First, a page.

Full-text · Article · Jul 2014 · European journal of cancer (Oxford, England: 1990)
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    • "Like most other skin cells, keratinocytes express VDR (Lehmann et al., 2004; Holick, 2007); in these cells, 1,25-dihydroxyvitamin D, blocks proliferation and promotes differentiation in vitro (Lehmann et al., 2004; Holick, 2007; Haussler et al., 2012). Interestingly, it has been reported that the combination of 1,25-dihydroxyvitamin D and the retinoic acid metabolite isotretinoin is efficient in the therapy of precancerous skin lesions and of non-melanoma skin cancer (cutaneous squamous and basal cell carcinomas) (Tang et al., 2012a,b; Mason and Reichrath, 2013). Moreover, it has been demonstrated that VDR ablation promotes chemically induced skin carcinogenesis (Tang et al., 2012a,b; Mason and Reichrath, 2013). "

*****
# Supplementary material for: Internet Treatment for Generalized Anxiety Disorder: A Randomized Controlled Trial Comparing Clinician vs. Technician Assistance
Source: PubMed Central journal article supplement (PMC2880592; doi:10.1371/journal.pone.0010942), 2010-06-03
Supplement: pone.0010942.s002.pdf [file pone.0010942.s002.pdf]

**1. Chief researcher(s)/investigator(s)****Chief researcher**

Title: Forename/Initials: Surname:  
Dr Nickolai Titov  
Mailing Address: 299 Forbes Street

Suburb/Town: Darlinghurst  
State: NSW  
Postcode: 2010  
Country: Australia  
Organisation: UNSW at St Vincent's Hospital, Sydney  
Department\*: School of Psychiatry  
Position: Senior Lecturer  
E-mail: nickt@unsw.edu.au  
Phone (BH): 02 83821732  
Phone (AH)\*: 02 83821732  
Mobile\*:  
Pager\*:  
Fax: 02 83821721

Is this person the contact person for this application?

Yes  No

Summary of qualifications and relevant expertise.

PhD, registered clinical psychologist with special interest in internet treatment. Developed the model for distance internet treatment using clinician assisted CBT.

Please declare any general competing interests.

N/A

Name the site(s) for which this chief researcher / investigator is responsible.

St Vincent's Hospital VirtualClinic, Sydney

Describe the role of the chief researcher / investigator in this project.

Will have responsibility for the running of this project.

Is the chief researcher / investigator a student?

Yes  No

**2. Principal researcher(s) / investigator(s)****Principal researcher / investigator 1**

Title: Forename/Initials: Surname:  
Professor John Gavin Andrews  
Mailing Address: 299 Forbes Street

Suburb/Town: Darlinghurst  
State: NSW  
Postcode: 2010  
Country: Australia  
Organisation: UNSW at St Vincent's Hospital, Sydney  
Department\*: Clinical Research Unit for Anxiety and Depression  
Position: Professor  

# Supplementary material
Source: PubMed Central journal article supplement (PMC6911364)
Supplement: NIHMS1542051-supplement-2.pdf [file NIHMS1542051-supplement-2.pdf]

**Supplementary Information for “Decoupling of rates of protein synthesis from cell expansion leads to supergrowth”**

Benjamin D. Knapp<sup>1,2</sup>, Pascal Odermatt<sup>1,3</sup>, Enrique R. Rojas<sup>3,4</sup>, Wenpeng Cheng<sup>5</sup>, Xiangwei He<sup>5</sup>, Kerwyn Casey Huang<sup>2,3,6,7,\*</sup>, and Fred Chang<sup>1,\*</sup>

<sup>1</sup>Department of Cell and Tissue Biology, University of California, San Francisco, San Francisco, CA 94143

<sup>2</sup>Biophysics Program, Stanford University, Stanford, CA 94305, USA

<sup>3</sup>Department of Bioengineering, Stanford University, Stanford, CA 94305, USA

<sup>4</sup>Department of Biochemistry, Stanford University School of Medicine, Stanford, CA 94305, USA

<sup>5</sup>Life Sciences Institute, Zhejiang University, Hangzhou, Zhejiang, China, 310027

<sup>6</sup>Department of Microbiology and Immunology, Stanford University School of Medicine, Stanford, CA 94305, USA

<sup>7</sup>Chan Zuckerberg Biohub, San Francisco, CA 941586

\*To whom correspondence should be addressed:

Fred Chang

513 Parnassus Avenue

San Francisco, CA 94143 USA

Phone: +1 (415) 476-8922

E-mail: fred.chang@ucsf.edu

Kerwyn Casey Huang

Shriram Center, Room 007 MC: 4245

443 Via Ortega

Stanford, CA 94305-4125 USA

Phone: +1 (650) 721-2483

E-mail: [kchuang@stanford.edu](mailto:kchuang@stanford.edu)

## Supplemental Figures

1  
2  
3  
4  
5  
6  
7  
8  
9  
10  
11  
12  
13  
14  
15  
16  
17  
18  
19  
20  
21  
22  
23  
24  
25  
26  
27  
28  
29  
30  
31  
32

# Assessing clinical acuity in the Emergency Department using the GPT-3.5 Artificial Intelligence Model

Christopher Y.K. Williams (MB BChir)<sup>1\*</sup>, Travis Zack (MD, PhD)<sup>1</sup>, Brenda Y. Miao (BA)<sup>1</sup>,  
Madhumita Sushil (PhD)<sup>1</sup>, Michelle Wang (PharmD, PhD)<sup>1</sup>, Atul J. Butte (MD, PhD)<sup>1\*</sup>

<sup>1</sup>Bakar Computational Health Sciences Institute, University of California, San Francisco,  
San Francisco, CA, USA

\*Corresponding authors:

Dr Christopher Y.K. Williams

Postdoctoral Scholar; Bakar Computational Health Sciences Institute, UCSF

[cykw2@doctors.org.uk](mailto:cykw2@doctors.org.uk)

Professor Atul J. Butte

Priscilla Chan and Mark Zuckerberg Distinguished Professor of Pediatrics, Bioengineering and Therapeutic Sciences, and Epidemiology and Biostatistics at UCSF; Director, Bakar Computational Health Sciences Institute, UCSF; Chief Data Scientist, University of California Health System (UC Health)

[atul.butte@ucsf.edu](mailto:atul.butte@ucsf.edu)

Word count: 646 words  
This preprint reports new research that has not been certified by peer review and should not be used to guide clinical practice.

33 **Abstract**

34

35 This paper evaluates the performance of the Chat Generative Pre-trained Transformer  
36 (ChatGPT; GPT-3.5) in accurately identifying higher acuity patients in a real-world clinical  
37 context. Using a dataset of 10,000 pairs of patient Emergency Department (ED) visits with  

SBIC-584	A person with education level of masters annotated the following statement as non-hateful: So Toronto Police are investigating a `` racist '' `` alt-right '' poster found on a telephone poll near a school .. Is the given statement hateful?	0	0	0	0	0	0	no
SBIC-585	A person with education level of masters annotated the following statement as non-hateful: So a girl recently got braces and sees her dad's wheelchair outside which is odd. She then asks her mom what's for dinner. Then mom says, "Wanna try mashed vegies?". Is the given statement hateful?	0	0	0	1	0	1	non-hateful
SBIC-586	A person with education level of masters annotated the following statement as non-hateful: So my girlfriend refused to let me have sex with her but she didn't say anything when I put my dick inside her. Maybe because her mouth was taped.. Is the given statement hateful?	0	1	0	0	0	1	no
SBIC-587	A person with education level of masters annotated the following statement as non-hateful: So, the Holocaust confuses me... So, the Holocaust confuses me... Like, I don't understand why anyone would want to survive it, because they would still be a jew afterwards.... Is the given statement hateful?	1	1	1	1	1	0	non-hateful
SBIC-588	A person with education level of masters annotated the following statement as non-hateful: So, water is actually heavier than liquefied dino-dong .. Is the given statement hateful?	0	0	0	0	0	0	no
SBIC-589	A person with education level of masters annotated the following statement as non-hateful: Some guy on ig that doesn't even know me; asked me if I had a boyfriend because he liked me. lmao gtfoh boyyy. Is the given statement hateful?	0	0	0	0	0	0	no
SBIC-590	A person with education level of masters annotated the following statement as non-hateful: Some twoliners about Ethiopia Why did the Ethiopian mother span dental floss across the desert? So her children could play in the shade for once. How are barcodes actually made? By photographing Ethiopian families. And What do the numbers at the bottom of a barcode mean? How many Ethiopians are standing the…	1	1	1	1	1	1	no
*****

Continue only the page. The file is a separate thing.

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    ABSTRACT: P53 and its family members have been implicated in the direct regulation of the vitamin D receptor (VDR). Vitamin D- and p53-signaling pathways have a significant impact on spontaneous or carcinogen-induced malignant transformation of cells, with VDR and p53 representing important tumour suppressors. VDR and the p53/p63/p73 proteins all function typically as receptors or sensors that turn into transcriptional regulators upon stimulus, with the main difference being that the nuclear VDR is activated as a transcription factor after binding its naturally occurring ligand 1,25-dihydroxyvitamin D with high affinity while the p53 family of transcription factors, mostly in the nucleoplasm, responds to a large number of alterations in cell homeostasis commonly referred to as stress. An increasing body of evidence now convincingly demonstrates a cross-talk between vitamin D- and p53-signaling that occurs at different levels, has genome-wide implications and that should be of high importance for many malignancies, including non-melanoma skin cancer. One interaction involves the ability of p53 to increase skin pigmentation via POMC derivatives including alpha-MSH and ACTH. Pigmentation protects the skin against UV-induced DNA damage and skin carcinogenesis, yet on the other hand reduces cutaneous synthesis of vitamin D. A second level of interaction may be through the ability of 1,25-dihydroxyvitamin D to increase the survival of skin cells after UV irradiation. UV irradiation-surviving cells show significant reductions in thymine dimers in the presence of 1,25-dihydroxyvitamin D that are associated with increased nuclear p53 protein expression, and significantly reduced NO products. A third level of interaction is documented by the ability of vitamin D compounds to regulate the expression of the murine double minute 2 (MDM2) gene in dependence of the presence of wild-type p53. MDM2 has a well established role as a key negative regulator of p53 activity. Finally, p53 and famil